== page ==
• Institution: Foreign Policy In Focus
  • Abstract: As part of our China Focus, we asked two leading scholars to reflect on the tensions and possibilities in U.S.-China relations. Bonnie Glaser is a senior associate at the Center for Strategic and International Studies. James Nolt is a senior fellow at the World Policy Institute. We asked them first about the potential for a strategic security partnership between the United States and China, then about their economic relationship.
  • Topic: Security, Economics, International Cooperation
  • Political Geography: United States, China, Asia
  • Author: John Feffer
  • Publication Date: 10-2006
  • Content Type: Policy Brief
  • Institution: Foreign Policy In Focus
  • Abstract: North Korea's decision to return to the negotiating table is a win-win-win situation, at least temporarily. The United States, China, and even North Korea gain from the announcement. However, the boost given to each country—a modest “October surprise” for the Bush administration, a diplomatic achievement for China, and a stronger negotiating position for North Korea—will not carry over into the negotiations themselves. A decision to talk, after all, does not translate automatically into a decision to compromise.
  • Topic: International Relations, Foreign Policy
  • Political Geography: United States, Asia
  • Author: Michael T. Klare
  • Publication Date: 10-2006
  • Content Type: Policy Brief
  • Institution: Foreign Policy In Focus
  • Abstract: The common wisdom circulating in Washington these days is that the United States is too bogged down in Iraq to consider risky military action against Iran or—God forbid—North Korea. Policy analysts describe the U.S. military as “over-burdened” or “stretched to the limit.” The presumption is that the Pentagon is telling President Bush that it can't really undertake another major military contingency.
  • Topic: Foreign Policy, Defense Policy
  • Political Geography: Iran, Asia
  • Author: John Feffer
  • Publication Date: 10-2006
  • Content Type: Policy Brief
  • Institution: Foreign Policy In Focus
  • Abstract: Five years ago, when George W. Bush took office, North Korea didn't claim membership in the nuclear club. Its plutonium reprocessing facilities were frozen. It was even willing to negotiate away its missile program.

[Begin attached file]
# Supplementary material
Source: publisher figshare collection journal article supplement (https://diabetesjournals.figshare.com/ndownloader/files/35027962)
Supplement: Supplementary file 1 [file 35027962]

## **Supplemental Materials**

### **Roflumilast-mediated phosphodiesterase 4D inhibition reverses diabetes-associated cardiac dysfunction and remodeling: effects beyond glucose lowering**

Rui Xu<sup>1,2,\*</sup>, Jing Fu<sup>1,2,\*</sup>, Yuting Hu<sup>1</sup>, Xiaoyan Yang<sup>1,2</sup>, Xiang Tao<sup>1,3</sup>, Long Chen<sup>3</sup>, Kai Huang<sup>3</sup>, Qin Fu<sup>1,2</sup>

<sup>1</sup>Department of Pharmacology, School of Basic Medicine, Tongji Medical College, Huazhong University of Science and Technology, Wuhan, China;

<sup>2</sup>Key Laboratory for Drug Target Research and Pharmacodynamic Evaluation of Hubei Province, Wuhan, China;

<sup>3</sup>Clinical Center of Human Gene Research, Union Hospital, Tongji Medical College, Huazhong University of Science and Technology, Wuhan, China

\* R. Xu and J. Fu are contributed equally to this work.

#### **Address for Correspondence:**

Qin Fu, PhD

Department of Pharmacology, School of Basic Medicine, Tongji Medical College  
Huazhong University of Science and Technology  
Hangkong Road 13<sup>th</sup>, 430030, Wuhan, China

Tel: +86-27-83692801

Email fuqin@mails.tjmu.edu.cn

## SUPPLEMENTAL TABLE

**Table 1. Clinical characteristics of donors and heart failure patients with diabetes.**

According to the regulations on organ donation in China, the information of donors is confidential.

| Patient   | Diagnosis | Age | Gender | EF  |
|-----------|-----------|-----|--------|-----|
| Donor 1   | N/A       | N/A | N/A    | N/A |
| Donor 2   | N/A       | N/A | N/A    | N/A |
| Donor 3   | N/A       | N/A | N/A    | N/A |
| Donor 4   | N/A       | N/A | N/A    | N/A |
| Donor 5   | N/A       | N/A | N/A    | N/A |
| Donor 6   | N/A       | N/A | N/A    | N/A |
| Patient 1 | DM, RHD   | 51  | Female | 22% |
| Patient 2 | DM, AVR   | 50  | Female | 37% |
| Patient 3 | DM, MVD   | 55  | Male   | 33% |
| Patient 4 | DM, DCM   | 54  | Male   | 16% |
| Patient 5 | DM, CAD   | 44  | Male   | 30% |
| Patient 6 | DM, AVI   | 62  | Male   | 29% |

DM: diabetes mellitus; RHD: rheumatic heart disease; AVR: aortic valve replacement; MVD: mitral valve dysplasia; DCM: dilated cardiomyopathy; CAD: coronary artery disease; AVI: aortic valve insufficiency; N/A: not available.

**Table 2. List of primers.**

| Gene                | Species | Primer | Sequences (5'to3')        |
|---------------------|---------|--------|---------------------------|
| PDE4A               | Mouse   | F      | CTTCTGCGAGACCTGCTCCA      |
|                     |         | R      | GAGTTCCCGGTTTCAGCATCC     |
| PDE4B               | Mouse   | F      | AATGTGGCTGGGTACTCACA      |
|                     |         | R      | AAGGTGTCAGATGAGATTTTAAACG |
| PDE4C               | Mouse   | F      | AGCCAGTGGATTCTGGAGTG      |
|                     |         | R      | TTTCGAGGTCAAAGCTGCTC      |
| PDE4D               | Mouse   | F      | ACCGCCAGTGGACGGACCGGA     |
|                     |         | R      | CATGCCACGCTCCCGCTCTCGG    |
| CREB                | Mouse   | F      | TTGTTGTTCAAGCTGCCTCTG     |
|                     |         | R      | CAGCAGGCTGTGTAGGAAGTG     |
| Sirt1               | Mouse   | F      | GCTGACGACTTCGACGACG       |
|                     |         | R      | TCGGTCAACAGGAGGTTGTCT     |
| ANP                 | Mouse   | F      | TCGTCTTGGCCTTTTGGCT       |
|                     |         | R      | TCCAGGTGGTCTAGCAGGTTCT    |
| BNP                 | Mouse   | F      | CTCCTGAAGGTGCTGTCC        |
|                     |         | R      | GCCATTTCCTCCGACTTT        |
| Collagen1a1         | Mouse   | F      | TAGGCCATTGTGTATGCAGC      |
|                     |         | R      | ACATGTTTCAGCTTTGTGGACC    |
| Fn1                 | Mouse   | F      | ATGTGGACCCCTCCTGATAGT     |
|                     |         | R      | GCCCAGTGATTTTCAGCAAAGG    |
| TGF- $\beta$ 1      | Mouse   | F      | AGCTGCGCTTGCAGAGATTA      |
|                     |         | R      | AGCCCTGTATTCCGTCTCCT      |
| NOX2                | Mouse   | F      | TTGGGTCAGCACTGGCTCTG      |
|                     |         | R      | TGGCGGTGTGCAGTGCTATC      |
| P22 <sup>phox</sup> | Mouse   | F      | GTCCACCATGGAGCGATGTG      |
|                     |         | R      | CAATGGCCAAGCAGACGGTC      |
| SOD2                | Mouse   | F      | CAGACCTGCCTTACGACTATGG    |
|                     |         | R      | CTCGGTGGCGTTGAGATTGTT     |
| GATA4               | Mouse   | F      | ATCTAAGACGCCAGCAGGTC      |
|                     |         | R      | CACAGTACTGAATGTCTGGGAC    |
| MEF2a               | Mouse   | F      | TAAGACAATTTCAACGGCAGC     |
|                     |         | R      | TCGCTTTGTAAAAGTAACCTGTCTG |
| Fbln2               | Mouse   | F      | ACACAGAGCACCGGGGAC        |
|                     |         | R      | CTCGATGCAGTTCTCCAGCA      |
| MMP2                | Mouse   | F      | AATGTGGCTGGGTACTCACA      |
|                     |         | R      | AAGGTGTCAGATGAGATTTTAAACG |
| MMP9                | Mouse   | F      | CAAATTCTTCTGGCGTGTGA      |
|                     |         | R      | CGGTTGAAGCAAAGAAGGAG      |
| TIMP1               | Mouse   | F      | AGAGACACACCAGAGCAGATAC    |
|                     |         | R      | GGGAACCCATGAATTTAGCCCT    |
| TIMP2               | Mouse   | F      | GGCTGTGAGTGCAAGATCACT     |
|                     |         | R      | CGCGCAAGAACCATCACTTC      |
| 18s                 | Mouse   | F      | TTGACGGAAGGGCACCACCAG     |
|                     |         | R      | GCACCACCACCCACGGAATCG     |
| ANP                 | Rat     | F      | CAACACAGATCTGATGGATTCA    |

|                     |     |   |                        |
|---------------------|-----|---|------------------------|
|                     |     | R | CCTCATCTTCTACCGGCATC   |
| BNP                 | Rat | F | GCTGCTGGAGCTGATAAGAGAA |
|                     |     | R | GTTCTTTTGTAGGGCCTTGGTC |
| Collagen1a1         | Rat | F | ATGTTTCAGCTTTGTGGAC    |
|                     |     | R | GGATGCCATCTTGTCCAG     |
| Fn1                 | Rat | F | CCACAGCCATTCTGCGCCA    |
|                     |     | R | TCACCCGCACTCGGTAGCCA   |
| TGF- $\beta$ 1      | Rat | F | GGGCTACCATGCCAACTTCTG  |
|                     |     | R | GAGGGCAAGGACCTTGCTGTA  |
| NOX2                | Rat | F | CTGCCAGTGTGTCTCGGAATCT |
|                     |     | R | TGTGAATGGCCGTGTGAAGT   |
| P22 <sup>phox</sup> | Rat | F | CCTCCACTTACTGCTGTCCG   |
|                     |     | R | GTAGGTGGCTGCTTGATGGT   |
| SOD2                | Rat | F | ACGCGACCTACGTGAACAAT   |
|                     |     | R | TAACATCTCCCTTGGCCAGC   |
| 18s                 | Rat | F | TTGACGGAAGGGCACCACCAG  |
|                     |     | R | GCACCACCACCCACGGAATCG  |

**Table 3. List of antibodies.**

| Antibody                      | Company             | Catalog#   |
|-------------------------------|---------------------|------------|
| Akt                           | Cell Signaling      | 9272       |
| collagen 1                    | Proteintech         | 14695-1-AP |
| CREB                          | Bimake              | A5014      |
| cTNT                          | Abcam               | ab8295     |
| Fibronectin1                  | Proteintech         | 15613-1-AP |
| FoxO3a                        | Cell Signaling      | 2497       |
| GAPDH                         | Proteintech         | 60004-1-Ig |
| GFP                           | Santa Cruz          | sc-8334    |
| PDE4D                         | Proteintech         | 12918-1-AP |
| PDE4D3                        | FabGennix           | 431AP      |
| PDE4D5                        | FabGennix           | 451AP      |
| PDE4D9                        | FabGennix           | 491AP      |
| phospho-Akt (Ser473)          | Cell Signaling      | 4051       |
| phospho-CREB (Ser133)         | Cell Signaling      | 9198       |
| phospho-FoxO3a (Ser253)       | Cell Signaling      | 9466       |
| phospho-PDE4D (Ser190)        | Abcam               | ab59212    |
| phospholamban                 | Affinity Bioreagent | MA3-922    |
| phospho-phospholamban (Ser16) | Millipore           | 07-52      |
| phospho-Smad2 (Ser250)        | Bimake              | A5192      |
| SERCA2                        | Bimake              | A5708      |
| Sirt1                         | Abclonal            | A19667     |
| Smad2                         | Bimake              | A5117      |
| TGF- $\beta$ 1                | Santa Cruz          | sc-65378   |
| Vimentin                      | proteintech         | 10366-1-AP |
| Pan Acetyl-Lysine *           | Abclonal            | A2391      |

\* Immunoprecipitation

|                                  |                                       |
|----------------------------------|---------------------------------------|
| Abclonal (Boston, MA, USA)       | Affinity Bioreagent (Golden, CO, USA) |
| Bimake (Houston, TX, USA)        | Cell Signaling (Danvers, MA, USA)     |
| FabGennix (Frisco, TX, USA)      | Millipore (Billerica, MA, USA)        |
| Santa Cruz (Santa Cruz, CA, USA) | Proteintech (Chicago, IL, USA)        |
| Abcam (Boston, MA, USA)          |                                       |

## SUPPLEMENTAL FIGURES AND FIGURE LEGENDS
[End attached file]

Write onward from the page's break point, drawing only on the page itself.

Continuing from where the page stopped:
• Topic: International Relations, Nuclear Weapons
  • Political Geography: United States, Asia, North Korea
  • Author: Jeff Feffer
  • Publication Date: 09-2006
  • Content Type: Policy Brief
  • Institution: Foreign Policy In Focus
  • Abstract: This paper was produced under the auspices of a research project sponsored by the Sejong Institute. It will be published in book form later this year. The author would like to thank the following people for their helpful suggestions on earlier drafts: Ruediger Frank, Sang-jin Han, Chuck Hosking, Karin Lee, Wonhyuk Lim, Marcus Noland, and Kie-duck Park. He would also like to thank Randy Ireson, Erica Kang, Rajiv Narayan, Richard Ragan, and Sun-song Park for agreeing to be interviewed.
  • Topic: International Relations, Government, Human Rights
  • Political Geography: Asia, North Korea
  • Author: John Gershman
  • Publication Date: 11-2005
  • Content Type: Policy Brief
  • Institution: Foreign Policy In Focus
  • Abstract: President Bush is in Asia this week for a series of meetings, including bilateral meetings in Japan, South Korea, China, and Mongolia and attending the economic leaders meeting of the Asia Pacific Economic Cooperation (APEC) forum. This trip comes on the heels of a disastrous trip by President Bush to Latin America, but there is little sign this trip will do much to rescue the President's sinking foreign policy reputation.
  • Topic: International Relations, Foreign Policy
  • Political Geography: United States, Japan, China, Asia, South Korea
  • Author: Wade Huntley
  • Publication Date: 10-2005
  • Content Type: Policy Brief
  • Institution: Foreign Policy In Focus
  • Abstract: Nuclear nonproliferation advocates worldwide welcomed the joint agreement issued September 19 by the participants in the "Six-Party Talks" process aimed at denuclearizing the Korean peninsula. The agreement evinces not only a commitment by North Korea to end all nuclear weapons development, but also a validation of a negotiated approach to the current Korean nuclear crisis which both North Korea and the United States have, at various times, resisted.
  • Topic: Conflict Resolution, International Relations, Nuclear Weapons
  • Political Geography: United States, Asia, North Korea